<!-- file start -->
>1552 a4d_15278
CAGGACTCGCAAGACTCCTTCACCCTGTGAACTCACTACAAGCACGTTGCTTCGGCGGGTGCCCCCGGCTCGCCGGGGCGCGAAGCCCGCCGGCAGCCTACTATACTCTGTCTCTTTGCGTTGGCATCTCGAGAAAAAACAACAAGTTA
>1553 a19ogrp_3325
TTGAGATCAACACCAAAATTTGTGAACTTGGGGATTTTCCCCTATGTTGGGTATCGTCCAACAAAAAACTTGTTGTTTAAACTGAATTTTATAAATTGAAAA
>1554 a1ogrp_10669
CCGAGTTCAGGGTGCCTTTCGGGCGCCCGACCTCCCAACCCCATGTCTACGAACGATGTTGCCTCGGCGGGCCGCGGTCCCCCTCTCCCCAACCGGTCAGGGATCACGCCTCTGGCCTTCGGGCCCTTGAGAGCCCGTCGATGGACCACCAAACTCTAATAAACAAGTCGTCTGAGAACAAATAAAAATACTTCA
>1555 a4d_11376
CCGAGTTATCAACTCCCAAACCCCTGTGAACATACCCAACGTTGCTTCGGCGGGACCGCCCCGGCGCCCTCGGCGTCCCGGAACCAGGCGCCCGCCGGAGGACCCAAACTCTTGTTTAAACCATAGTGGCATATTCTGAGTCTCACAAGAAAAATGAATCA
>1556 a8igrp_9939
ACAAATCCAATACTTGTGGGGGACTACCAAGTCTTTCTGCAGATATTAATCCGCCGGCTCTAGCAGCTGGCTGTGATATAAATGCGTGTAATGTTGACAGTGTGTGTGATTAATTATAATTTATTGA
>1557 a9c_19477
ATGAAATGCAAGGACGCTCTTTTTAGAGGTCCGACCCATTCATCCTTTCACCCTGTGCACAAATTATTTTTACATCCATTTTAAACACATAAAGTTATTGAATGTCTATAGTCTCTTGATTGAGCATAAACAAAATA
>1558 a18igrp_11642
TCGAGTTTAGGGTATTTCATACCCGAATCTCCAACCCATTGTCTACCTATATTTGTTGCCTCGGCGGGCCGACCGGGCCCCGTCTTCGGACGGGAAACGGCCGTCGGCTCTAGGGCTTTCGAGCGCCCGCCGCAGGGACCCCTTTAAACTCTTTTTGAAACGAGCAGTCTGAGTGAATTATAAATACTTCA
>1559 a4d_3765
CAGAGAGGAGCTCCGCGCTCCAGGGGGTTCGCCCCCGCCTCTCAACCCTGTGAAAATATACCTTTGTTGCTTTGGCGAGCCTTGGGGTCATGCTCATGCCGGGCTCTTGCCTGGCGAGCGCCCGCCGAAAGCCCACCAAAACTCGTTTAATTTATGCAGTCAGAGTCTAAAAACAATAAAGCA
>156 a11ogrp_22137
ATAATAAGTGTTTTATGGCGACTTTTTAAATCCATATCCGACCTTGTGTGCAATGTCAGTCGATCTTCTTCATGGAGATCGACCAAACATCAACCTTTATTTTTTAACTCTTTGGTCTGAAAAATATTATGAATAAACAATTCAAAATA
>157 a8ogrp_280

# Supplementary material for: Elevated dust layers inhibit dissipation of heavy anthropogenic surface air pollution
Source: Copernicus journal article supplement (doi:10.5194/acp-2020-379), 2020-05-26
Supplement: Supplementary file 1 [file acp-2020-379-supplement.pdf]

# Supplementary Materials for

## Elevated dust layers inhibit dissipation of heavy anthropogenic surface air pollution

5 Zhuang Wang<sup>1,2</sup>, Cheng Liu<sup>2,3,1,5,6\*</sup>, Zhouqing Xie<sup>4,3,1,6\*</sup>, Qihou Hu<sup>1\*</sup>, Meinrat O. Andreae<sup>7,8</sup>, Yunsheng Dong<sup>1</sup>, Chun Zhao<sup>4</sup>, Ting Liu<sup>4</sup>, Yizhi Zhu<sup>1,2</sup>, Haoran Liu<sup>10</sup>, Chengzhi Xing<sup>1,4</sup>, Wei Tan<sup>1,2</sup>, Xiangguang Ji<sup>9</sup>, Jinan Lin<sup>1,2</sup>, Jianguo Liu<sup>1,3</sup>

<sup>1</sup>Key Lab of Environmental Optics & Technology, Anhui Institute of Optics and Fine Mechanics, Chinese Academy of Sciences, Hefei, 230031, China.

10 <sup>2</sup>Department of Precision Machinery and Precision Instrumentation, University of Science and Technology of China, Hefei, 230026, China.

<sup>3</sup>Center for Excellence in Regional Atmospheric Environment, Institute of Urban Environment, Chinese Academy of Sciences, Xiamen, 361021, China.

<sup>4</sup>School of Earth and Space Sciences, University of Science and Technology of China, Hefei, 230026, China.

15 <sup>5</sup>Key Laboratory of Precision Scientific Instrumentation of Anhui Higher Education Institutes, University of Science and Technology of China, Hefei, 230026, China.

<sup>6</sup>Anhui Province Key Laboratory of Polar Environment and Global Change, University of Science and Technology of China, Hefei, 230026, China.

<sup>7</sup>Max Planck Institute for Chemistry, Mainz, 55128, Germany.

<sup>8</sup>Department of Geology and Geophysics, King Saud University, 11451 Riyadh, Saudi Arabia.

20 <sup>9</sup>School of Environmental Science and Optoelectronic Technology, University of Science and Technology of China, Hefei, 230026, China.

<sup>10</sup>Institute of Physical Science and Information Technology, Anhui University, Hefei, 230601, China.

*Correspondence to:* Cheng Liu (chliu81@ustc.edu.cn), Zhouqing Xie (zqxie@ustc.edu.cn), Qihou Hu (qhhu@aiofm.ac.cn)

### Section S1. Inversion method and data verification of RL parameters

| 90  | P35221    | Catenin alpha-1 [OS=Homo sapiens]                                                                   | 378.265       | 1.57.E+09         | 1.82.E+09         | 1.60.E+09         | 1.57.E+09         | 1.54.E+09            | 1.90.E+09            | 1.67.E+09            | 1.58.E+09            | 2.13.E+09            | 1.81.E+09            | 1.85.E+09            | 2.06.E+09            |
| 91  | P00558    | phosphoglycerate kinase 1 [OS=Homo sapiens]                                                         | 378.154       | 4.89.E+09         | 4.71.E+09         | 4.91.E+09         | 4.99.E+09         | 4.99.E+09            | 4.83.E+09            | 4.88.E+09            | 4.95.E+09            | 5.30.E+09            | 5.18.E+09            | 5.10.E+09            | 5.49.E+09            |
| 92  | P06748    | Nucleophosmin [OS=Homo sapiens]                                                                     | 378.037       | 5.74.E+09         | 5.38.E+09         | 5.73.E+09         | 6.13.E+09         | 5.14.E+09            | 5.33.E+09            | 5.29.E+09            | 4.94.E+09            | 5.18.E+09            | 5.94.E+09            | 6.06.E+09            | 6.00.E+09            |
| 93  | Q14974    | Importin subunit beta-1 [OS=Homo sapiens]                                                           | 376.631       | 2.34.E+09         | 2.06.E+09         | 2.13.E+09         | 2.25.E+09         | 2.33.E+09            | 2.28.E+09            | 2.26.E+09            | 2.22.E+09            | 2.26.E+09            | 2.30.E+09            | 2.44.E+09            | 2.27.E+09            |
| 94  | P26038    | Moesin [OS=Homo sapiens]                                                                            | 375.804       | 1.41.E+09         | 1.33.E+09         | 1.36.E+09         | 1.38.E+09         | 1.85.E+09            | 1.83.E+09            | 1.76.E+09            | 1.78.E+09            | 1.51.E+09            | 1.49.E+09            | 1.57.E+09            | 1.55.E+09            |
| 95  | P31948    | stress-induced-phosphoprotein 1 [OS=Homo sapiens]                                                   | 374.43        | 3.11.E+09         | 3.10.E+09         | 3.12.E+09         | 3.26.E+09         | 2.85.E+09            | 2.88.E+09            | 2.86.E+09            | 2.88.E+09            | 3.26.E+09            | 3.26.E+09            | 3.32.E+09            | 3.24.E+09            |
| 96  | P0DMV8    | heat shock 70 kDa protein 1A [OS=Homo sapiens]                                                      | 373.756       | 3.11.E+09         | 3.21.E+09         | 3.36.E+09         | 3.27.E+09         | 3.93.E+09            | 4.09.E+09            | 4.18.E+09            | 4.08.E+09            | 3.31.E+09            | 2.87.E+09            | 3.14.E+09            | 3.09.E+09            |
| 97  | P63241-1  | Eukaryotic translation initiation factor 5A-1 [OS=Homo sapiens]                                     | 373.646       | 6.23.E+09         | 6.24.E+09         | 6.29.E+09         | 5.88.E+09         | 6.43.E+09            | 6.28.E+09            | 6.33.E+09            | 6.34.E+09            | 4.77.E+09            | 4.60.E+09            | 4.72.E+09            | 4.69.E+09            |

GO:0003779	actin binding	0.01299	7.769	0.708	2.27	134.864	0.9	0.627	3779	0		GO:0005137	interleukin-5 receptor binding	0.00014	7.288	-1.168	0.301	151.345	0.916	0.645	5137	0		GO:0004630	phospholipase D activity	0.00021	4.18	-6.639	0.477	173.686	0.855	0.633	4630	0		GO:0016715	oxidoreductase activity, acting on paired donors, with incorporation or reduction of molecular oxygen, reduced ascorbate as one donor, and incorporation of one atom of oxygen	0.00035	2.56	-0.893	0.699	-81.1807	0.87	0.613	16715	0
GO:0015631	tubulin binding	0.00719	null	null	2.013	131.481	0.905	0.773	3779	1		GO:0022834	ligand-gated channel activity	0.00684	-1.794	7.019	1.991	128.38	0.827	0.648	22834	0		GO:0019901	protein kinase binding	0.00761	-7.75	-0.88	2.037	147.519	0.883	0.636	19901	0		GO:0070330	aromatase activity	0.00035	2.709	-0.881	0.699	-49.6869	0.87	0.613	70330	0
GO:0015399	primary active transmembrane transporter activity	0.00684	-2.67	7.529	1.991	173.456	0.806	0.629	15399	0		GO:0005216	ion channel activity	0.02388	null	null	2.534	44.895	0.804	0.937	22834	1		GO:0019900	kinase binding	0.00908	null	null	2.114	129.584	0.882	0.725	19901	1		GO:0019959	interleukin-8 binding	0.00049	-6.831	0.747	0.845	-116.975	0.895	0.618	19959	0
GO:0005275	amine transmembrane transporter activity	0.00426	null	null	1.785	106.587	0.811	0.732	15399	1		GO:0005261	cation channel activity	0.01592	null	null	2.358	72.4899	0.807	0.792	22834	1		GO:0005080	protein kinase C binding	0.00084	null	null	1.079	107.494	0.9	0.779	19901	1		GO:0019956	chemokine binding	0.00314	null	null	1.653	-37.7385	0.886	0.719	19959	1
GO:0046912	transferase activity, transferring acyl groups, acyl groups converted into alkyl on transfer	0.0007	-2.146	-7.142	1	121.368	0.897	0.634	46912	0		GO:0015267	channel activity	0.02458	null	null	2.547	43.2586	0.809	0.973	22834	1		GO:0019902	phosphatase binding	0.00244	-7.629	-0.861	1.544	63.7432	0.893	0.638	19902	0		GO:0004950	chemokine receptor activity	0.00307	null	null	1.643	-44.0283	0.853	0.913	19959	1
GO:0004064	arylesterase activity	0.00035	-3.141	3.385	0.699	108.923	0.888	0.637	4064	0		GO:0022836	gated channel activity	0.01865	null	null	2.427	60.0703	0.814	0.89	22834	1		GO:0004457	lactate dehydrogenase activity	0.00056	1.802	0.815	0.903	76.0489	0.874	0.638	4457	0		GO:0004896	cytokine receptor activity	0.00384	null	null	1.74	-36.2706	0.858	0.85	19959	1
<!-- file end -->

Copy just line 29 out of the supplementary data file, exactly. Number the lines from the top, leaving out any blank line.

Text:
<sup>4</sup>School of Earth and Space Sciences, University of Science and Technology of China, Hefei, 230026, China.